Mongolia: Development of Index-Based Livestock Insurance
This project was conceived and brought to FIRST initially by the World Bank insurance team, who in turn were working with a Sustainable Livelihoods Project team in the Bank, in March 2005. In discussion with the Government of Mongolia (GOM) it was decided to design an insurance scheme to protect against the exposure of livestock to climactic disaster.
Livestock is a major component of the Mongolian economy involving a substantial proportion of the population, and supplies both domestic and export markets (mainly to Russia and China). Periodically some areas of the country are subject to extreme climactic events which cause high levels of livestock mortality and impose strains on the GOM budget for disaster relief. One of the worst events is the so-called “dzud” where in extreme winter conditions the livestock are unable to access natural fodder.
The collaboration with the Sustainable Livelihoods team made sense since improved techniques in husbandry — for example, strategic locations of winter fodder stores – should ameliorate the insurance risk.
The basic idea behind the project was to develop a mortality index-based insurance scheme that would automatically trigger claims payouts when a disaster occurs. The pay-outs would be assessed on a consistent basis for a particular geographical area (“Sums” in Mongolia) and would be paid only after a first loss tranche was borne by the herder, and would also be capped to a level beyond which the GOM would then pay out. The insurance would, therefore, be essentially a buffer in an extreme disaster between the herder and the GOM. In the next phase of this project, the World Bank also provided a loan commitment that the GOM could draw on if needs be to fund any excess claims beyond the insurance scheme’s cap.
The project involved several elements:
- Designing the scheme
- Advice on drafting the legal and regulatory framework for the scheme including contracts with the participating Mongolian insurance companies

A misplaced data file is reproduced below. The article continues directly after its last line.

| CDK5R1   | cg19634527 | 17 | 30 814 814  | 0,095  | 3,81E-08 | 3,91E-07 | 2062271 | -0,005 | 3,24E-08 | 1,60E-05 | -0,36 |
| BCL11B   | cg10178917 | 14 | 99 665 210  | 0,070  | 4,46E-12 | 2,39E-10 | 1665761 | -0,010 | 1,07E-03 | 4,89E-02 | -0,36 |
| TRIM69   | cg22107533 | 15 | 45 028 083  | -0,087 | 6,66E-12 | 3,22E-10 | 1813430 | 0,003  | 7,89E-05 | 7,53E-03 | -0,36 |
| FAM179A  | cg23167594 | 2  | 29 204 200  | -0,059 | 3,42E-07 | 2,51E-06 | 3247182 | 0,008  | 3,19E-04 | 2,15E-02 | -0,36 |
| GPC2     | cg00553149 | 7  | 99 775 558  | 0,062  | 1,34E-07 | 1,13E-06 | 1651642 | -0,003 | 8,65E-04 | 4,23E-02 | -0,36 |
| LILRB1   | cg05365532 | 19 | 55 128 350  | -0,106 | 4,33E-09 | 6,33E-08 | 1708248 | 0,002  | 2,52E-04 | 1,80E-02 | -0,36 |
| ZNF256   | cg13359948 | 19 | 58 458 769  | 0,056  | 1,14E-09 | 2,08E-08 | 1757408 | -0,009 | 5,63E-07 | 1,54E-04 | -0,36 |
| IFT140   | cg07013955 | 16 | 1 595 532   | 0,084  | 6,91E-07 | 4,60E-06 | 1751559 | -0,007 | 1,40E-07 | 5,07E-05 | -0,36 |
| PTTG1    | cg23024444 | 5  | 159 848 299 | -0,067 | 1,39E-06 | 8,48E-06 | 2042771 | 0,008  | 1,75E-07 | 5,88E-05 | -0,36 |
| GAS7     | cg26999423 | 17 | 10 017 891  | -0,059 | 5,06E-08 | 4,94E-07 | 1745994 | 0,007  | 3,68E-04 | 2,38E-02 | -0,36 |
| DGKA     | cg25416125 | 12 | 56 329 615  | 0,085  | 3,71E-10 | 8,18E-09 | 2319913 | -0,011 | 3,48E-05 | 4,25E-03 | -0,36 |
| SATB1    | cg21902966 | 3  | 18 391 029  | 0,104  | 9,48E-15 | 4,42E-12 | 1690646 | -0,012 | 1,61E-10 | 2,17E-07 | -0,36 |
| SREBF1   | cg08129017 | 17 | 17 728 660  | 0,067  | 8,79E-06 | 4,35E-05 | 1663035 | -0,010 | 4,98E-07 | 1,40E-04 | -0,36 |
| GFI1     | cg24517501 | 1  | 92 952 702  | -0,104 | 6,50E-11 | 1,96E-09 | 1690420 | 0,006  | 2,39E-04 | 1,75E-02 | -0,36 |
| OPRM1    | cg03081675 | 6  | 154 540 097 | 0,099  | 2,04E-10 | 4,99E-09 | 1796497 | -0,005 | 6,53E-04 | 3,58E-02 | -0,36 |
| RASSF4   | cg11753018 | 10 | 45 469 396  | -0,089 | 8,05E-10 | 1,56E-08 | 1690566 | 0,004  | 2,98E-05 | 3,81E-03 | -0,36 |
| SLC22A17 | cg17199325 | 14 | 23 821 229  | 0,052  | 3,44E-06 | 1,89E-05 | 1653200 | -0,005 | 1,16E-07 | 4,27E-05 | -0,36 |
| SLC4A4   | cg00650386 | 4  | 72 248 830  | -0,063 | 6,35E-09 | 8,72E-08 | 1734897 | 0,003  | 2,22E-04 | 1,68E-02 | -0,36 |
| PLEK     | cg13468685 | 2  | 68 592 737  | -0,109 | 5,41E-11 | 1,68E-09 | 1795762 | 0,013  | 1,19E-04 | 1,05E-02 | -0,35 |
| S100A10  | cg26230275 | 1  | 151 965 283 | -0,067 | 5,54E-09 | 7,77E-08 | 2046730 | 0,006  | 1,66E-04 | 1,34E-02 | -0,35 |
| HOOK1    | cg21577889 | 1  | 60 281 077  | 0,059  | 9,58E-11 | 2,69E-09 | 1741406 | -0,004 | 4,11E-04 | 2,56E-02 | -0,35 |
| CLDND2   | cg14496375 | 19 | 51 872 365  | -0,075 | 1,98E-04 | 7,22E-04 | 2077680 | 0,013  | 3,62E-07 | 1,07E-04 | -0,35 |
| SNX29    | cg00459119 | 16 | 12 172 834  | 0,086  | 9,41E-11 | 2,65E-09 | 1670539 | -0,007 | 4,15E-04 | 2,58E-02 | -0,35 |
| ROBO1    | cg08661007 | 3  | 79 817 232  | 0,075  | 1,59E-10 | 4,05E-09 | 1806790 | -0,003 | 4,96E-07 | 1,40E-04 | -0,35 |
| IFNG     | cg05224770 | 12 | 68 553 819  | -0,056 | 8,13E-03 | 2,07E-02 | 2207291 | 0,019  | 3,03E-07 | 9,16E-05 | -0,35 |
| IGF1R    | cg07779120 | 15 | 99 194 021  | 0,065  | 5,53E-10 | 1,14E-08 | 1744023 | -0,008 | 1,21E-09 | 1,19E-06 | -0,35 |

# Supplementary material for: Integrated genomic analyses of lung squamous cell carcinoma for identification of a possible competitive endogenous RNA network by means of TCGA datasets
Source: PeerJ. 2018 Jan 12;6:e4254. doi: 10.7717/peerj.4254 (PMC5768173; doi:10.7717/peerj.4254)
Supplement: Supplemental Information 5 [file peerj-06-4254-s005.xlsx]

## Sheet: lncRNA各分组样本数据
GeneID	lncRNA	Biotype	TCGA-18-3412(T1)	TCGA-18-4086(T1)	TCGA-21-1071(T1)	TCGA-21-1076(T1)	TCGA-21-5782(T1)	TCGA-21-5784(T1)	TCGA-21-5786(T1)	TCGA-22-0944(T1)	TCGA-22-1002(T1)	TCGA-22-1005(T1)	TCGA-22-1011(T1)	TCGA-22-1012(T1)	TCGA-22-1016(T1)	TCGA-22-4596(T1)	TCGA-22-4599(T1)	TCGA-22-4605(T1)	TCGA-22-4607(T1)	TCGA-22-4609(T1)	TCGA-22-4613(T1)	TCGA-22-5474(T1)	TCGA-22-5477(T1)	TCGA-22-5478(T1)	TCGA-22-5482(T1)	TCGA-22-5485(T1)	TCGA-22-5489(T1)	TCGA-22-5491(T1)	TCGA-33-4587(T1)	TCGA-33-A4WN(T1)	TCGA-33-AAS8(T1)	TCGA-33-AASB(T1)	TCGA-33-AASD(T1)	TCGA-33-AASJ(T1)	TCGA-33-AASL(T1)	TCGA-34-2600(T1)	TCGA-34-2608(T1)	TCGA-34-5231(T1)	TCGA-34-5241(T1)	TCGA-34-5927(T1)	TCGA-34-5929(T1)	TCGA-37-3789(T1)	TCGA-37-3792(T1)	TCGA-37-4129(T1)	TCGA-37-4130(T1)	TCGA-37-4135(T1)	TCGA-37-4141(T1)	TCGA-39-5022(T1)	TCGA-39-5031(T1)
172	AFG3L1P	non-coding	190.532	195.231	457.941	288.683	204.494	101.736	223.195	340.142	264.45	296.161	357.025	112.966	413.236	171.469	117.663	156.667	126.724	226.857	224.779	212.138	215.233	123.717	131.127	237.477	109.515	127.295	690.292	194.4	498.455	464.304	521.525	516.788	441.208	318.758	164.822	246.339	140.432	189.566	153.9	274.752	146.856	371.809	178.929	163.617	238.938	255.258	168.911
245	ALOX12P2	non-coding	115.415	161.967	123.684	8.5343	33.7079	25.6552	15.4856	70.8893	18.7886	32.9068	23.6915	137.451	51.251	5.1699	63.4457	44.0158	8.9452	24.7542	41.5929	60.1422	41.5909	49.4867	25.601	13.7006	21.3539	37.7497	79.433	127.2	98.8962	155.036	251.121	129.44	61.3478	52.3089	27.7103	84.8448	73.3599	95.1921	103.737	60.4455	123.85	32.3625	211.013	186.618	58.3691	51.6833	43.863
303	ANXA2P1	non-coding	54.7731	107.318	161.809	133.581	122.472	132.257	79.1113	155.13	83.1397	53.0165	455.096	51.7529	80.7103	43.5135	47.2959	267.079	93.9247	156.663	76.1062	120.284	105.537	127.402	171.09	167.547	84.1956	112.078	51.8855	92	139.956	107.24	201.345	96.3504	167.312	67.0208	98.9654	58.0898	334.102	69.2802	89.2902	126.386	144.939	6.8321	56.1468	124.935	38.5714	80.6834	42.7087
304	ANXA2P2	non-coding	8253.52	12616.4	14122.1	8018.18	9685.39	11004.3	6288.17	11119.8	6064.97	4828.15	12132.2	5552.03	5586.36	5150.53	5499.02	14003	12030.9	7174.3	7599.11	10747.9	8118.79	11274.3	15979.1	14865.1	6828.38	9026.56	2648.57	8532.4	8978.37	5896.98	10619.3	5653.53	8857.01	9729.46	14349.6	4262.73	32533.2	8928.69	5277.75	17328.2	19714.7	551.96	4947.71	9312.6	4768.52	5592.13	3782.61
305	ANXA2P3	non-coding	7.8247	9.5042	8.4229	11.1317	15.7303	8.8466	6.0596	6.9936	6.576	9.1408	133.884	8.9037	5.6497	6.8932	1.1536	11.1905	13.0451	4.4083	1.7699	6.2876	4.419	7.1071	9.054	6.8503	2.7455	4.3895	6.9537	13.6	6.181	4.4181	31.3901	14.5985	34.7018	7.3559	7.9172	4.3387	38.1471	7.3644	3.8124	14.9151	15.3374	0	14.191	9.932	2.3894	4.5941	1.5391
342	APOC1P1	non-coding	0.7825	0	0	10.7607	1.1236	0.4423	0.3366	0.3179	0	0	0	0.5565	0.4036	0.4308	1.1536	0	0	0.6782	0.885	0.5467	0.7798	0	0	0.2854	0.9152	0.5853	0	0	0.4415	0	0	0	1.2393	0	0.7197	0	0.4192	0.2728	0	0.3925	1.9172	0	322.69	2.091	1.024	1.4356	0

- Testing mortality data and developing data collection and monitoring system
- Selecting suitable areas (“Sums”) for piloting the scheme
The project and its follow-on phases (FIRST has continued to support the second phase, mainly on legal and regulatory inputs) were spread over about five years so far and is now nearing roll-out country-wide.
- A project of this nature is essentially high-risk in that it breaks new ground and requires substantial testing (the results of which may prove the scheme to be either viable or non-viable)
- Substantial time is involved in mobilising Government support at Cabinet level and also Parliamentary level, private sector insurance support and local herder support
- Data collection and integrity are key. It is the data that ultimately triggers the quantum of aggregate claims.
- Rigorous systems for loss assessment at herder level are needed. The idea behind the scheme is that efficient herders will benefit through mitigating their loss as against inefficient herders. For an over-simplified example, supposing the area wide mortality is 30%: then the pay out to all herders would be set at that level. An efficient herder might only suffer an actual loss of say 25%, but would still receive the 30% pay out. On the other hand, an inefficient herder might suffer an actual loss of 35%, and still only receive a 30% payout.
- Where data is sound or capable of being sound, combined with effective claims management procedures, the index-linked approach enables fast claims settlement that is demonstrably even-handed.
- The index-linked approach should be replicable where livestock is exposed to extreme climactic risk providing other suitable pre-conditions exist. In Mongolia, the main risk is extreme winters but in other parts of the world this maybe, for example, drought or flooding.
There is little point going through the highly technical outputs from this project that apply only to Mongolia. The attachments are therefore those which summarise the overall concepts of the project so that readers may judge whether there could be applicability to their countries.